On the last day of the 16th session which took place in Nepal from January 14 to 17 with participation of around 100 delegates, including speakers, members of parliament, ministers and political leaders from 46 countries in the region, Iran was chosen as the host of next conference.
Two Iranian offers, including Local Green Bridge/Inter-Regional Bridge and Regional Emergency Response Plans were approved by the participants and involved in the final resolution of the 16th conference.
In an interview with IRNA, Mohammad Reza Tabesh, a member of Majlis who represented Iran in the four-day event called the selection of Iran as the host of 17th APPCED conference, a success.
Tabesh, on behalf of the Iranian Majlis, proposed nomination of the Islamic Republic of Iran as the host of the 17th APPCED General Assembly.
The Nepal General Assembly, during its deliberations, enhanced the existing relations between environment protection and development in Asia–Pacific region as the most important priority.
The concept of sustainable development was introduced by theoreticians of development at the global level in 1980s after the emerging of insufficiencies of the classic development model, such as increasing poverty, unemployment, environmental problems, non-participation of people in making developmental decisions, and lack of due attention to these problems, were revealed.
West’s Double Standards On Terrorism Denounced
Iran’s Ambassador to Paris Ali Ahani has censured the West’s double standards on fighting terrorism, urging a fair approach to the malicious phenomenon.
In an interview with France 24 on Thursday night, Ahani reiterated that Iran holds a clear stance on terrorism, saying the Islamic Republic is a victim of terrorism and condemns it.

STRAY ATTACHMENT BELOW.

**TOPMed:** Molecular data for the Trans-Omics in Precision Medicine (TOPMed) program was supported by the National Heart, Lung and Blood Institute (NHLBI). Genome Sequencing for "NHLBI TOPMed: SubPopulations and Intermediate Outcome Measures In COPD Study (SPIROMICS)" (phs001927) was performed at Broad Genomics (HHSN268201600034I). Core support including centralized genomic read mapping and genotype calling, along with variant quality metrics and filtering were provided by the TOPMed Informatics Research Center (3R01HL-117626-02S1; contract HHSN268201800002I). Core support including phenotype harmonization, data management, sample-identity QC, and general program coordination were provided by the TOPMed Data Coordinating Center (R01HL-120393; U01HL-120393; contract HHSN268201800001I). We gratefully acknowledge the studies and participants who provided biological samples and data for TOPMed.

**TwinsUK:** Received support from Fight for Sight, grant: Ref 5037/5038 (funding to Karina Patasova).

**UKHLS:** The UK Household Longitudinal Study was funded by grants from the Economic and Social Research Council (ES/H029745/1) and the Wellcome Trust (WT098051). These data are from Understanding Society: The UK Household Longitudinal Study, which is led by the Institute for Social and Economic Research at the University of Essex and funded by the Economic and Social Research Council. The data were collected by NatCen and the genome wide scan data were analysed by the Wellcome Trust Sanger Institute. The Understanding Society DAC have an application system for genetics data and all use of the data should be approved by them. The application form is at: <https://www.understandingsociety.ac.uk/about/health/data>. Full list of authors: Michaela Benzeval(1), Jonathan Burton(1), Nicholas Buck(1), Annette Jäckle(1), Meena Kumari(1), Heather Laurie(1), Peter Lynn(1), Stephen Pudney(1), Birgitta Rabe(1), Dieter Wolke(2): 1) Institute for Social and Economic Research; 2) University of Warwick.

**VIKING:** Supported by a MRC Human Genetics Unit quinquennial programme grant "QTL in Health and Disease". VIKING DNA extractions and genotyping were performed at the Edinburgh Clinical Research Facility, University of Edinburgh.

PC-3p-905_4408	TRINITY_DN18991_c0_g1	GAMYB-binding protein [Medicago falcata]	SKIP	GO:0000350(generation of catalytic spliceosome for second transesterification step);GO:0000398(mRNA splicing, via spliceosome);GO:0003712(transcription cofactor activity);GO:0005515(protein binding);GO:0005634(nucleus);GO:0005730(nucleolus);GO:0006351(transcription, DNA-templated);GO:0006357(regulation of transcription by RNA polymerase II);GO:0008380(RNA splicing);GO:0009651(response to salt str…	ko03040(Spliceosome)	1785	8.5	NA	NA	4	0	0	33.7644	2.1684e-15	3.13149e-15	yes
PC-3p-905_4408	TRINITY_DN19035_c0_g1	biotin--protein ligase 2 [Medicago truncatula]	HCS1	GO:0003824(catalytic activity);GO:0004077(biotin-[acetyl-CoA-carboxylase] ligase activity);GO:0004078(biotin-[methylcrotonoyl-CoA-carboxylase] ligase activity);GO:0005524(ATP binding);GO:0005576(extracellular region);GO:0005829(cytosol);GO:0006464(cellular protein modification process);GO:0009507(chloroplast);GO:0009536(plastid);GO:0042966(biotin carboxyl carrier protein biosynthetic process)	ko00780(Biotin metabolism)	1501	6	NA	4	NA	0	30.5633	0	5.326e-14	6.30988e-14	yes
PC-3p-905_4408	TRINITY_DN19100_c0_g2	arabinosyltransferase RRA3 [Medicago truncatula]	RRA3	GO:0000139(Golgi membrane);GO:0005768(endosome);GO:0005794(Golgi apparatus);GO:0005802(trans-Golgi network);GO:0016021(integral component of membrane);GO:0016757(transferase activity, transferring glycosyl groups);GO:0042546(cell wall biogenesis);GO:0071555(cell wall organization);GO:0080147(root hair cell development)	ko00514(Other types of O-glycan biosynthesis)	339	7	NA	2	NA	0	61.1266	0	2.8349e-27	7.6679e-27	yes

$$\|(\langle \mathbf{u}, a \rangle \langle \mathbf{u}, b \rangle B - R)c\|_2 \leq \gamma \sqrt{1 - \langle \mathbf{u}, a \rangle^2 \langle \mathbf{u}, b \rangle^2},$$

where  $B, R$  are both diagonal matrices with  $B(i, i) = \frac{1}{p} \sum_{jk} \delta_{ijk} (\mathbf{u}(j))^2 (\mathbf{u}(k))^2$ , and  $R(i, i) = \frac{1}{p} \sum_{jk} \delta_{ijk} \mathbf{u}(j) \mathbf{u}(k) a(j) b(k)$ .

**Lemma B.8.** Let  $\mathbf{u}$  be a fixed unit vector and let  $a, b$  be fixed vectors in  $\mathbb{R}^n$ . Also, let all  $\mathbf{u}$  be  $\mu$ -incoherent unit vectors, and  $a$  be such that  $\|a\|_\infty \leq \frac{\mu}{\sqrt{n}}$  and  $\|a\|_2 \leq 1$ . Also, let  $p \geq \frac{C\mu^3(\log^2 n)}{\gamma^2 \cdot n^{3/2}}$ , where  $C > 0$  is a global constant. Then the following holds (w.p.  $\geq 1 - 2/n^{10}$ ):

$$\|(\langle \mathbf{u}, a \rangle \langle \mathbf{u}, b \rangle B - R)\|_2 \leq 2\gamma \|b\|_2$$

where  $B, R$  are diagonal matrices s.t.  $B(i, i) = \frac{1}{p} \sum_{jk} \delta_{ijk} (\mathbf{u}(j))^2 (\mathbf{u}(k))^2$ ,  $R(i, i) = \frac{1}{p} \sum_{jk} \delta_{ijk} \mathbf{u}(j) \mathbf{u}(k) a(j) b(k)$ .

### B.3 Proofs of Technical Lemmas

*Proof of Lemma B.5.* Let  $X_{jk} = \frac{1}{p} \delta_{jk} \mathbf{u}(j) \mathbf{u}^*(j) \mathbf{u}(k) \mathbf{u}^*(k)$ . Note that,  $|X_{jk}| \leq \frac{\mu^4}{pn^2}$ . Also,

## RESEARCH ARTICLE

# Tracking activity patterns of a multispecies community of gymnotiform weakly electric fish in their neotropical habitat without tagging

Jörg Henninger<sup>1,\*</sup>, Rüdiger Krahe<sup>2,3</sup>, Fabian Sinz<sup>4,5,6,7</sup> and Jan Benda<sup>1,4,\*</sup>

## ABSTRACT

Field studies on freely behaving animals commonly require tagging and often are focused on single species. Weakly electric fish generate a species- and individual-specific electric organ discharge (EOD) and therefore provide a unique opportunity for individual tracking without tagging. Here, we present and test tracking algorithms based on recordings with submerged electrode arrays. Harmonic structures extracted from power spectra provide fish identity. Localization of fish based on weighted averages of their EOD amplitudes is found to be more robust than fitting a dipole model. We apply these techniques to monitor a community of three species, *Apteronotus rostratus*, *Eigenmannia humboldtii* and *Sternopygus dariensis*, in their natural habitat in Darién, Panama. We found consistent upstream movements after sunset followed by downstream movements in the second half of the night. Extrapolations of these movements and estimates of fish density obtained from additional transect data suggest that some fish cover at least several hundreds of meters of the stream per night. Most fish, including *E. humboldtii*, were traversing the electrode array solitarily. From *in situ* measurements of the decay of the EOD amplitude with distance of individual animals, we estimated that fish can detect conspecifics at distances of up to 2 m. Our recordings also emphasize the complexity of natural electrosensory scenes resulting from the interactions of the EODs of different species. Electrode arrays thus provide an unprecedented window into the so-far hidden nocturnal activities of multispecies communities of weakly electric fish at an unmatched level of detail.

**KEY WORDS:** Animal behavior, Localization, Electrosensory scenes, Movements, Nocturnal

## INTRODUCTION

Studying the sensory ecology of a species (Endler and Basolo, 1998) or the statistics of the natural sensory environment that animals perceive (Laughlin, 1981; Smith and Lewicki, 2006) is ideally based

Ahani said that a selective approach to terrorism must be avoided. It is not proper to support and encourage terrorists who kill people in Syria while opposing rebels in Mali, he added.
Ahani said that Iran supports the Syrian people and added that the Damascus government is legitimate. He said that the Syrian government is legitimate as long as it is supported by the majority of the Syrians, adding the Damascus government has kept its power due to public support despite numerous plots against it.
The envoy also said that political and armed measures aimed at causing sabotage in Syria are the result of sending militants into the Arab country.
Syria has been experiencing unrest since March 2011, and many people, including large numbers of security forces, have been killed in the turmoil. The Syrian government says the chaos is being orchestrated from outside the country, and there are reports that a very large number of the militants are foreign nationals.
Regarding the conflict in the African country of Mali, Ahani said that any military intervention has consequences, adding that the question remained as to whether France’s military action benefitted the national interests and the people of Mali.
On January 11, France intervened in Mali by launching an air offensive under the pretext of halting the advance of the militants.
Chaos broke out in Mali after President Amadou Toumani Toure was toppled in a military coup on March 22, 2012. The coup leaders said they mounted the coup in response to the government’s inability to contain the Tuareg rebellion in the north of the country, which had been going on for two months.
However, in the wake of the coup d’état, the Tuareg rebels took control of the entire northern desert region, but the Ansar Dine extremists then pushed them aside and took control of the region, which is larger than France or Texas.
France has also increased the number of its troops on the ground in the African country to 1,400.
Myanmarese Muslims Receive Iran’s Humanitarian Aid
Iran’s consignment of humanitarian aid for ethnic Rohingya Muslims in Myanmar has been delivered to the refugees in the country.
The shipment includes foodstuff, tents, blankets and other basic commodities, and was distributed among the Rohingya Muslims following the arrival of Iran’s parliamentary delegation in the city of Sittwe in the western state of Rakhine, Press TV reported on Thursday.
The Iranian parliamentary delegation, led by deputy head of Iran Majlis National Security and Foreign Policy Commission, Mansour Haqiqatpour, arrived in Myanmar on Tuesday.
In meetings with local officials, Haqiqatpour extended messages of the Leader of the Islamic Revolution Ayatollah Seyyed Ali Khamenei, Iranian government, Majlis and nation to Myanmarese Muslim refugees.
Representatives of Iran’s Foreign Ministry, Imam Khomeini Relief Committee and the Iranian Red Crescent Society also accompanied the Iranian parliamentary delegation on this visit.